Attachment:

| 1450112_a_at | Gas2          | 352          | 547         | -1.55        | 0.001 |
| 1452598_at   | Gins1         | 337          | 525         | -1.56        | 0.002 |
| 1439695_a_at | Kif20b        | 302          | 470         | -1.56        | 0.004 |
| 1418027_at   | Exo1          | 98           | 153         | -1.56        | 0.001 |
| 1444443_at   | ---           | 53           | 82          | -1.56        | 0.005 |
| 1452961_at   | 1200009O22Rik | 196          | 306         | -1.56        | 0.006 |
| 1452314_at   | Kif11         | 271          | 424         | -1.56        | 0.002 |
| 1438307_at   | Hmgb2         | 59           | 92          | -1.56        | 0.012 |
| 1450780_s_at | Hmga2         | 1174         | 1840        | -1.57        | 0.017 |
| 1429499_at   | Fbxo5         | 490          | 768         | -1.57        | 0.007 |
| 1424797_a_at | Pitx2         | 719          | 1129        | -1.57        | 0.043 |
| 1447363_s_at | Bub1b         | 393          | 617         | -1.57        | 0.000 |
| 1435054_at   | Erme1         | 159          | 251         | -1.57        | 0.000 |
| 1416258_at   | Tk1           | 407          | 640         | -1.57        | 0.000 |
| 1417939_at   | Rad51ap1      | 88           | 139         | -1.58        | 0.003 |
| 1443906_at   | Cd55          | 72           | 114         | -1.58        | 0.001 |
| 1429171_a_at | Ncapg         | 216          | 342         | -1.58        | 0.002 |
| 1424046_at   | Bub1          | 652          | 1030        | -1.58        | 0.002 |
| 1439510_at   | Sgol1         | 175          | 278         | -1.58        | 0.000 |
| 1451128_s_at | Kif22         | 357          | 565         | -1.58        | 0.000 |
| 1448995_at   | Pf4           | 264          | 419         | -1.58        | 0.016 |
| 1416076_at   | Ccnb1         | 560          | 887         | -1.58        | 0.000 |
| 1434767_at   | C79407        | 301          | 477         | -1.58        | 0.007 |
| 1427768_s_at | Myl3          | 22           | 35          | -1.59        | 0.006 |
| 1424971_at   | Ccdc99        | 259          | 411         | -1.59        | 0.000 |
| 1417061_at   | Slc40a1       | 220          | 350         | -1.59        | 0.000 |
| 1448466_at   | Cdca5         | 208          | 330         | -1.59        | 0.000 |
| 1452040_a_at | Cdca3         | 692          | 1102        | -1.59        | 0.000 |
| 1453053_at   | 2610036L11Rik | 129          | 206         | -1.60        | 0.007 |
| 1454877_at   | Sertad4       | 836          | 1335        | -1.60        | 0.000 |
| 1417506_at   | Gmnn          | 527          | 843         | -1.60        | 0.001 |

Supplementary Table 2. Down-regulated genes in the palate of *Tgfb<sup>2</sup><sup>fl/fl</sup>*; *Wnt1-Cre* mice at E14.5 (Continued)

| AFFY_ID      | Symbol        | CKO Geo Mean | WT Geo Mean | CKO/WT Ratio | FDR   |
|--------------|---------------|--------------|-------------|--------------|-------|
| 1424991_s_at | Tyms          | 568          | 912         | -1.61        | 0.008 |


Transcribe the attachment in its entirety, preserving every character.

| 1450112_a_at | Gas2          | 352          | 547         | -1.55        | 0.001 |
| 1452598_at   | Gins1         | 337          | 525         | -1.56        | 0.002 |
| 1439695_a_at | Kif20b        | 302          | 470         | -1.56        | 0.004 |
| 1418027_at   | Exo1          | 98           | 153         | -1.56        | 0.001 |
| 1444443_at   | ---           | 53           | 82          | -1.56        | 0.005 |
| 1452961_at   | 1200009O22Rik | 196          | 306         | -1.56        | 0.006 |
| 1452314_at   | Kif11         | 271          | 424         | -1.56        | 0.002 |
| 1438307_at   | Hmgb2         | 59           | 92          | -1.56        | 0.012 |
| 1450780_s_at | Hmga2         | 1174         | 1840        | -1.57        | 0.017 |
| 1429499_at   | Fbxo5         | 490          | 768         | -1.57        | 0.007 |
| 1424797_a_at | Pitx2         | 719          | 1129        | -1.57        | 0.043 |
| 1447363_s_at | Bub1b         | 393          | 617         | -1.57        | 0.000 |
| 1435054_at   | Erme1         | 159          | 251         | -1.57        | 0.000 |
| 1416258_at   | Tk1           | 407          | 640         | -1.57        | 0.000 |
| 1417939_at   | Rad51ap1      | 88           | 139         | -1.58        | 0.003 |
| 1443906_at   | Cd55          | 72           | 114         | -1.58        | 0.001 |
| 1429171_a_at | Ncapg         | 216          | 342         | -1.58        | 0.002 |
| 1424046_at   | Bub1          | 652          | 1030        | -1.58        | 0.002 |
| 1439510_at   | Sgol1         | 175          | 278         | -1.58        | 0.000 |
| 1451128_s_at | Kif22         | 357          | 565         | -1.58        | 0.000 |
| 1448995_at   | Pf4           | 264          | 419         | -1.58        | 0.016 |
| 1416076_at   | Ccnb1         | 560          | 887         | -1.58        | 0.000 |
| 1434767_at   | C79407        | 301          | 477         | -1.58        | 0.007 |
| 1427768_s_at | Myl3          | 22           | 35          | -1.59        | 0.006 |
| 1424971_at   | Ccdc99        | 259          | 411         | -1.59        | 0.000 |
| 1417061_at   | Slc40a1       | 220          | 350         | -1.59        | 0.000 |
| 1448466_at   | Cdca5         | 208          | 330         | -1.59        | 0.000 |
| 1452040_a_at | Cdca3         | 692          | 1102        | -1.59        | 0.000 |
| 1453053_at   | 2610036L11Rik | 129          | 206         | -1.60        | 0.007 |
| 1454877_at   | Sertad4       | 836          | 1335        | -1.60        | 0.000 |
| 1417506_at   | Gmnn          | 527          | 843         | -1.60        | 0.001 |

Supplementary Table 2. Down-regulated genes in the palate of *Tgfb<sup>2</sup><sup>fl/fl</sup>*; *Wnt1-Cre* mice at E14.5 (Continued)

| AFFY_ID      | Symbol        | CKO Geo Mean | WT Geo Mean | CKO/WT Ratio | FDR   |
|--------------|---------------|--------------|-------------|--------------|-------|
| 1424991_s_at | Tyms          | 568          | 912         | -1.61        | 0.008 |